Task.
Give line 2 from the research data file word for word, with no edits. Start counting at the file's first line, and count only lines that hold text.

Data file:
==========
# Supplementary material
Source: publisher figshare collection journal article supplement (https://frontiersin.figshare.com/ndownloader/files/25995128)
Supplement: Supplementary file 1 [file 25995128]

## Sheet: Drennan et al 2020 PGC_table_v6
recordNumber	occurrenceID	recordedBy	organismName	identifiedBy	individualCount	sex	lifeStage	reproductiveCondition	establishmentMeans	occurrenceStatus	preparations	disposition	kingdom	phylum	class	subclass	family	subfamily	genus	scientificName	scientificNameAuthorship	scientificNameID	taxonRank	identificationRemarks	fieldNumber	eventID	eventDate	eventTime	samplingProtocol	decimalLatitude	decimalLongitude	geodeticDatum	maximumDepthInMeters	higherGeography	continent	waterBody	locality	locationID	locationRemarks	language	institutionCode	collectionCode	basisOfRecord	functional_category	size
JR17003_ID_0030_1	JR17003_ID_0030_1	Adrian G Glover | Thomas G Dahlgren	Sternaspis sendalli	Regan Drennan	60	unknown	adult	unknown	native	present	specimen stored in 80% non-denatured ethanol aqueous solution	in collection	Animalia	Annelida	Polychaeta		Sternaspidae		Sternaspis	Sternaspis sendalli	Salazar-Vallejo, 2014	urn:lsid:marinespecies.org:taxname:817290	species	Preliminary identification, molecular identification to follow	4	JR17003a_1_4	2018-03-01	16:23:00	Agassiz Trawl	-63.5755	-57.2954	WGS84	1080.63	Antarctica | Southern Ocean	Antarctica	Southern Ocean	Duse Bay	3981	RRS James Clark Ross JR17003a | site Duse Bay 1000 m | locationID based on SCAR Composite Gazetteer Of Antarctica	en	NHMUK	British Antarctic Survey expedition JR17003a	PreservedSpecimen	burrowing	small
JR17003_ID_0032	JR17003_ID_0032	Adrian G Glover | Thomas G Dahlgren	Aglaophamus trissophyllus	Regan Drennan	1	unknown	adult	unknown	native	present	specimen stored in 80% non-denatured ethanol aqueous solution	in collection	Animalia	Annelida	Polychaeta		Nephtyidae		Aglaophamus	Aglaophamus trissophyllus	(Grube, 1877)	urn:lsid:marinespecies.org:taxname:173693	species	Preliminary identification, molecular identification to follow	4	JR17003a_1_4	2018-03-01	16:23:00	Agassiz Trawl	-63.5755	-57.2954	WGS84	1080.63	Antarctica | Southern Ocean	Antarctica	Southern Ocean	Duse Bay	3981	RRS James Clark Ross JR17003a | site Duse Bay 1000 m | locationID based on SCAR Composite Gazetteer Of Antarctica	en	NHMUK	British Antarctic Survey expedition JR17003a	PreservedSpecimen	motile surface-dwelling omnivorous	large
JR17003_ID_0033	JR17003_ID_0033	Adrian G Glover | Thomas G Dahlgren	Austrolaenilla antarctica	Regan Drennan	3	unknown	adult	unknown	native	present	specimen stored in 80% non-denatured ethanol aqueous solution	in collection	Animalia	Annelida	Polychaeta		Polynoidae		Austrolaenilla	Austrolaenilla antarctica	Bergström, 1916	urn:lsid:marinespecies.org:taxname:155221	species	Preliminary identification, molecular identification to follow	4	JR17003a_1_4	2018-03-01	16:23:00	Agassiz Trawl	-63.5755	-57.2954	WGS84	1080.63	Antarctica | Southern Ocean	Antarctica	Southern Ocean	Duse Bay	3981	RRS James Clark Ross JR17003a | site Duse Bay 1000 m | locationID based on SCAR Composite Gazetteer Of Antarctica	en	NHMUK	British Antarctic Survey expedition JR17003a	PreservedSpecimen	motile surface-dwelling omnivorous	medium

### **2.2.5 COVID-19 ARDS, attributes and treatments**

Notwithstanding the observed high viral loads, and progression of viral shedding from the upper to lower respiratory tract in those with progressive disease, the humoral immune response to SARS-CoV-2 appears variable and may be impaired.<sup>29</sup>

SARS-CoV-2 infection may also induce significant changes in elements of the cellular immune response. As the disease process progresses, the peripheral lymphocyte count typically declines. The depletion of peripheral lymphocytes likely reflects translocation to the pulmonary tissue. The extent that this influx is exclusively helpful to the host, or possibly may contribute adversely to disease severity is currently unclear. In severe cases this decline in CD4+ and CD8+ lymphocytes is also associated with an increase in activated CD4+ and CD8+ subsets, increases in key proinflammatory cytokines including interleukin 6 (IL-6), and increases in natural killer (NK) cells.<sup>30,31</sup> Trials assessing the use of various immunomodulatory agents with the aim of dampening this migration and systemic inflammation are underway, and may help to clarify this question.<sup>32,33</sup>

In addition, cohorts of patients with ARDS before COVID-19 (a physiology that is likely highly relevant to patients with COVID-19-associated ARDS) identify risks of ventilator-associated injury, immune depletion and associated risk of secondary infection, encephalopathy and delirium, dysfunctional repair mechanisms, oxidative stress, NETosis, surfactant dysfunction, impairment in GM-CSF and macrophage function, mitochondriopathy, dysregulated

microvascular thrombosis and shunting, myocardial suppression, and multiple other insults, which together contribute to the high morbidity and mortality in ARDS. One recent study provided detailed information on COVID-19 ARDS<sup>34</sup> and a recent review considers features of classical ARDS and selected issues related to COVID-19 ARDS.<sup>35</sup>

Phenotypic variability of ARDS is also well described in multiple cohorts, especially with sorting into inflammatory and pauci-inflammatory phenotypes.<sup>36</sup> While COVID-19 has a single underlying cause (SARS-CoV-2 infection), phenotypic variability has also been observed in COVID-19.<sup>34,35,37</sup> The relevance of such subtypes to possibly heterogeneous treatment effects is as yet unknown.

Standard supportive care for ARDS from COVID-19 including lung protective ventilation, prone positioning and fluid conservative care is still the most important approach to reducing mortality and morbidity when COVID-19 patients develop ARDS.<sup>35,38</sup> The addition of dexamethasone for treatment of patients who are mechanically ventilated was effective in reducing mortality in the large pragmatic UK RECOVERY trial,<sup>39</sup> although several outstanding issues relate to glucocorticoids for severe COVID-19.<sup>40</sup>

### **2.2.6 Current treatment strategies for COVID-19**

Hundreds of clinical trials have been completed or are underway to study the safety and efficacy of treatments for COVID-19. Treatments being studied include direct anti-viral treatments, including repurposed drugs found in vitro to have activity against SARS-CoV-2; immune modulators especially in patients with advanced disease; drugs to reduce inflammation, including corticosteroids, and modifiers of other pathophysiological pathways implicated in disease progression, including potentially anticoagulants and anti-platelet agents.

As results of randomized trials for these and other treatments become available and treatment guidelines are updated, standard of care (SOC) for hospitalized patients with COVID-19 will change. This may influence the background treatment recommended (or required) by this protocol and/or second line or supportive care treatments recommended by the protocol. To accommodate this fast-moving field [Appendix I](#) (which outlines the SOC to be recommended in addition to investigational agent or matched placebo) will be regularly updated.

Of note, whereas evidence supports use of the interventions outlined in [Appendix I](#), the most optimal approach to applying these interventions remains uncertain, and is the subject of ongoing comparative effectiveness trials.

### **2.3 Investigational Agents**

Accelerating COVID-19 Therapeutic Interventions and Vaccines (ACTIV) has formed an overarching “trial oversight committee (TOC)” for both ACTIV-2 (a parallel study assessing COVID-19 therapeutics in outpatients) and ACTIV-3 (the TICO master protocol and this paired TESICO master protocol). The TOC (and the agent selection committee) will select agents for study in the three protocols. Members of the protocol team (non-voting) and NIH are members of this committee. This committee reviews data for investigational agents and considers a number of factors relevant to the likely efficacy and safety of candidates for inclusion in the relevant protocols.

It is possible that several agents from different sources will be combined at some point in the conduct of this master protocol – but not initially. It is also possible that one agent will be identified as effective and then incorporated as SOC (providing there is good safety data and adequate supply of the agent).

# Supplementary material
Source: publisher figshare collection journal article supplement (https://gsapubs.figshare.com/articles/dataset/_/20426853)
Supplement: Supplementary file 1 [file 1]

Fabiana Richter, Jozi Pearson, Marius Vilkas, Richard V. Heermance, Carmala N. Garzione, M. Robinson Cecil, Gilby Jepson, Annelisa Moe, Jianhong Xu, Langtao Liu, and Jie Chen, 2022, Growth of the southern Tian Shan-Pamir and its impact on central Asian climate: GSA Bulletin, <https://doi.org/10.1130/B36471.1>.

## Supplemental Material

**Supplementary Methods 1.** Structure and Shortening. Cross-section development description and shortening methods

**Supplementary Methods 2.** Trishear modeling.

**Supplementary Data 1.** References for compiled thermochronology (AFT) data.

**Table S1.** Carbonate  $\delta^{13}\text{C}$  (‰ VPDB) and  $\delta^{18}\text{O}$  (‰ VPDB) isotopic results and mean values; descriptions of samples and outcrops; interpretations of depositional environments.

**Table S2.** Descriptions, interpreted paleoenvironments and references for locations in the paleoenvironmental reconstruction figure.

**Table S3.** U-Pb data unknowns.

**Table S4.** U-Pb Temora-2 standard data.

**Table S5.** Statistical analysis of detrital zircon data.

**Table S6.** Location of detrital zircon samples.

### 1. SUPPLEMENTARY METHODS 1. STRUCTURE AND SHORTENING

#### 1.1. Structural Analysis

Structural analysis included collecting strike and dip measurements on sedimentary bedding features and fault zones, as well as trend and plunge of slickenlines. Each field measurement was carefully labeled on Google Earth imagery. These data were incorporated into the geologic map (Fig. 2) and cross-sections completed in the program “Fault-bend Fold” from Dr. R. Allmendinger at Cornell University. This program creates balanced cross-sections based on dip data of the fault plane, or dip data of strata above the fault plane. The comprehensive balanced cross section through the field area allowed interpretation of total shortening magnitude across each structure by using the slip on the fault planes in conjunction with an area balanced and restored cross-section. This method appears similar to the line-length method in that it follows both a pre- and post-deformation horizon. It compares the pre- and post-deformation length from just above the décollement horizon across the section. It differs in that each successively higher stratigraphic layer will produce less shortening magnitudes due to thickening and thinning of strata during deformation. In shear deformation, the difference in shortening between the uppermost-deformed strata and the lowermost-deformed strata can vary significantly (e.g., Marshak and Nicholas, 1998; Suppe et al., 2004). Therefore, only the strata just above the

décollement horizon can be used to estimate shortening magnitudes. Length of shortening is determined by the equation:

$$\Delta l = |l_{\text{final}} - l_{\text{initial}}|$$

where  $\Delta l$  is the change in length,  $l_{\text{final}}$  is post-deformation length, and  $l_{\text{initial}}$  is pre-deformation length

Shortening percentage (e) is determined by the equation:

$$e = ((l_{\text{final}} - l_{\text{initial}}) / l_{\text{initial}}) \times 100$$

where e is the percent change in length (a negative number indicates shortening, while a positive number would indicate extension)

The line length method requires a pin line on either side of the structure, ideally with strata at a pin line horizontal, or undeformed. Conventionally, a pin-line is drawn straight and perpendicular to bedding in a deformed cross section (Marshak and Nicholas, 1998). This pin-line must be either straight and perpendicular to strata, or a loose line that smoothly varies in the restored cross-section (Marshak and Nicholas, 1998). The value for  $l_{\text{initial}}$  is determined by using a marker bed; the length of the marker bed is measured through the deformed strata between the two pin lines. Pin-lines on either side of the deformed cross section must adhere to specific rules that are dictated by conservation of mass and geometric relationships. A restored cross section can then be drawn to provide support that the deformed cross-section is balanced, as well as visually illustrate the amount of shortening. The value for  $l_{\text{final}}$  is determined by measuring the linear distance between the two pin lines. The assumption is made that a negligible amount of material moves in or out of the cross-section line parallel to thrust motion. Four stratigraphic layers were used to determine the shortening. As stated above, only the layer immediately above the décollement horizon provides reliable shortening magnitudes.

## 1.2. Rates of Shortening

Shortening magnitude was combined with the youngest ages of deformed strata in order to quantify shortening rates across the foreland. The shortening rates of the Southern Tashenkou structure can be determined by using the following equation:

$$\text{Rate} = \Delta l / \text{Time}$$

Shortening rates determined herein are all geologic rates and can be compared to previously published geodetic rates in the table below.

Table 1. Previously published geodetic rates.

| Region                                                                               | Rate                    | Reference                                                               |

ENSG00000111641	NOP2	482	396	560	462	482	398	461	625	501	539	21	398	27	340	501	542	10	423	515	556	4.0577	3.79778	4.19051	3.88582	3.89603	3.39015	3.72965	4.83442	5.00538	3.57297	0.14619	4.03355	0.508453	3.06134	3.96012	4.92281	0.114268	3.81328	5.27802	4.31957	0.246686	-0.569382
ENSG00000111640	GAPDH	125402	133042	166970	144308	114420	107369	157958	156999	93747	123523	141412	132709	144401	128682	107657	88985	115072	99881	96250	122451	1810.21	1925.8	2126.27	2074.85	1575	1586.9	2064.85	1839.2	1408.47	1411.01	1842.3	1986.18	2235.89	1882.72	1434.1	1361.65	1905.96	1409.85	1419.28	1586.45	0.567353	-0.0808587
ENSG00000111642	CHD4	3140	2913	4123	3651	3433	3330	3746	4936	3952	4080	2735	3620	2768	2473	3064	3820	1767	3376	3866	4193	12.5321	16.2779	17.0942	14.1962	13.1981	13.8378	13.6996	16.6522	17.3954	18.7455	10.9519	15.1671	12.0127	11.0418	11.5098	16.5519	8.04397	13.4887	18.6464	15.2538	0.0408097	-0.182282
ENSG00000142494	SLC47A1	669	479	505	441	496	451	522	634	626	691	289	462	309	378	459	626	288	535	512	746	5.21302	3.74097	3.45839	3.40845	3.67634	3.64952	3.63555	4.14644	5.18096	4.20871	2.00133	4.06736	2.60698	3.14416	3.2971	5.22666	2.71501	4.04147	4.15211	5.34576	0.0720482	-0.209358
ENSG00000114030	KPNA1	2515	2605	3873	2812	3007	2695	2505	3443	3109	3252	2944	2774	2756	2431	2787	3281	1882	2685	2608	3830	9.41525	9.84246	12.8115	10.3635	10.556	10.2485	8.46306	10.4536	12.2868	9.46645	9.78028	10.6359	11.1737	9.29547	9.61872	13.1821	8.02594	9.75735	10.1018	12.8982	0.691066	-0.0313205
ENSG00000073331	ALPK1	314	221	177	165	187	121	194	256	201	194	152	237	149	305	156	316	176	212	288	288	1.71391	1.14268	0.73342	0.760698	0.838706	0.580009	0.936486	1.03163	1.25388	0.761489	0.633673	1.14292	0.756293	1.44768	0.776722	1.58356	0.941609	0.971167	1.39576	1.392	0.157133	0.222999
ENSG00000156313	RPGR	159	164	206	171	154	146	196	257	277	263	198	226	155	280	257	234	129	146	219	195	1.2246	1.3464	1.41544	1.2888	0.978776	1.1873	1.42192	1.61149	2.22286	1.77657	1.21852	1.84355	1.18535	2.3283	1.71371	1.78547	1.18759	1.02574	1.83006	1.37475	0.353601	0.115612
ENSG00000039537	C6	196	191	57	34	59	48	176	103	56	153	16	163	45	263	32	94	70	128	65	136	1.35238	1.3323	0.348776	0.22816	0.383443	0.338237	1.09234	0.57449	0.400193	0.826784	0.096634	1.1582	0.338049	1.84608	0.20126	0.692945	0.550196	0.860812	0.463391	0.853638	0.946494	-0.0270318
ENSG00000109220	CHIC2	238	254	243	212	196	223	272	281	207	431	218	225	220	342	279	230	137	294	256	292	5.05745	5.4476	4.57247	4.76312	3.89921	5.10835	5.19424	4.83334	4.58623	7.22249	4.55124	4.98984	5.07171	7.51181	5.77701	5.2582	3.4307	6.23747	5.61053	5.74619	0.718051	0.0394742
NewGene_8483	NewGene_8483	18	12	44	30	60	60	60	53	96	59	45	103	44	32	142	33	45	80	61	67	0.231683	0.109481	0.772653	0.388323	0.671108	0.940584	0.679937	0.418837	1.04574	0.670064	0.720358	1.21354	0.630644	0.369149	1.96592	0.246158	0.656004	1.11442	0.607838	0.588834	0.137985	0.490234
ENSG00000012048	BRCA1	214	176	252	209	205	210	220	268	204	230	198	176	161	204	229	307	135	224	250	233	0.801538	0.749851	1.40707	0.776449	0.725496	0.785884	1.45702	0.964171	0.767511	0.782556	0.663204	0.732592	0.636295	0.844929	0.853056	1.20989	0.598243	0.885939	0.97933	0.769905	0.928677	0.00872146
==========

Source: publisher figshare collection journal article supplement (https://frontiersin.figshare.com/ndownloader/files/25995128)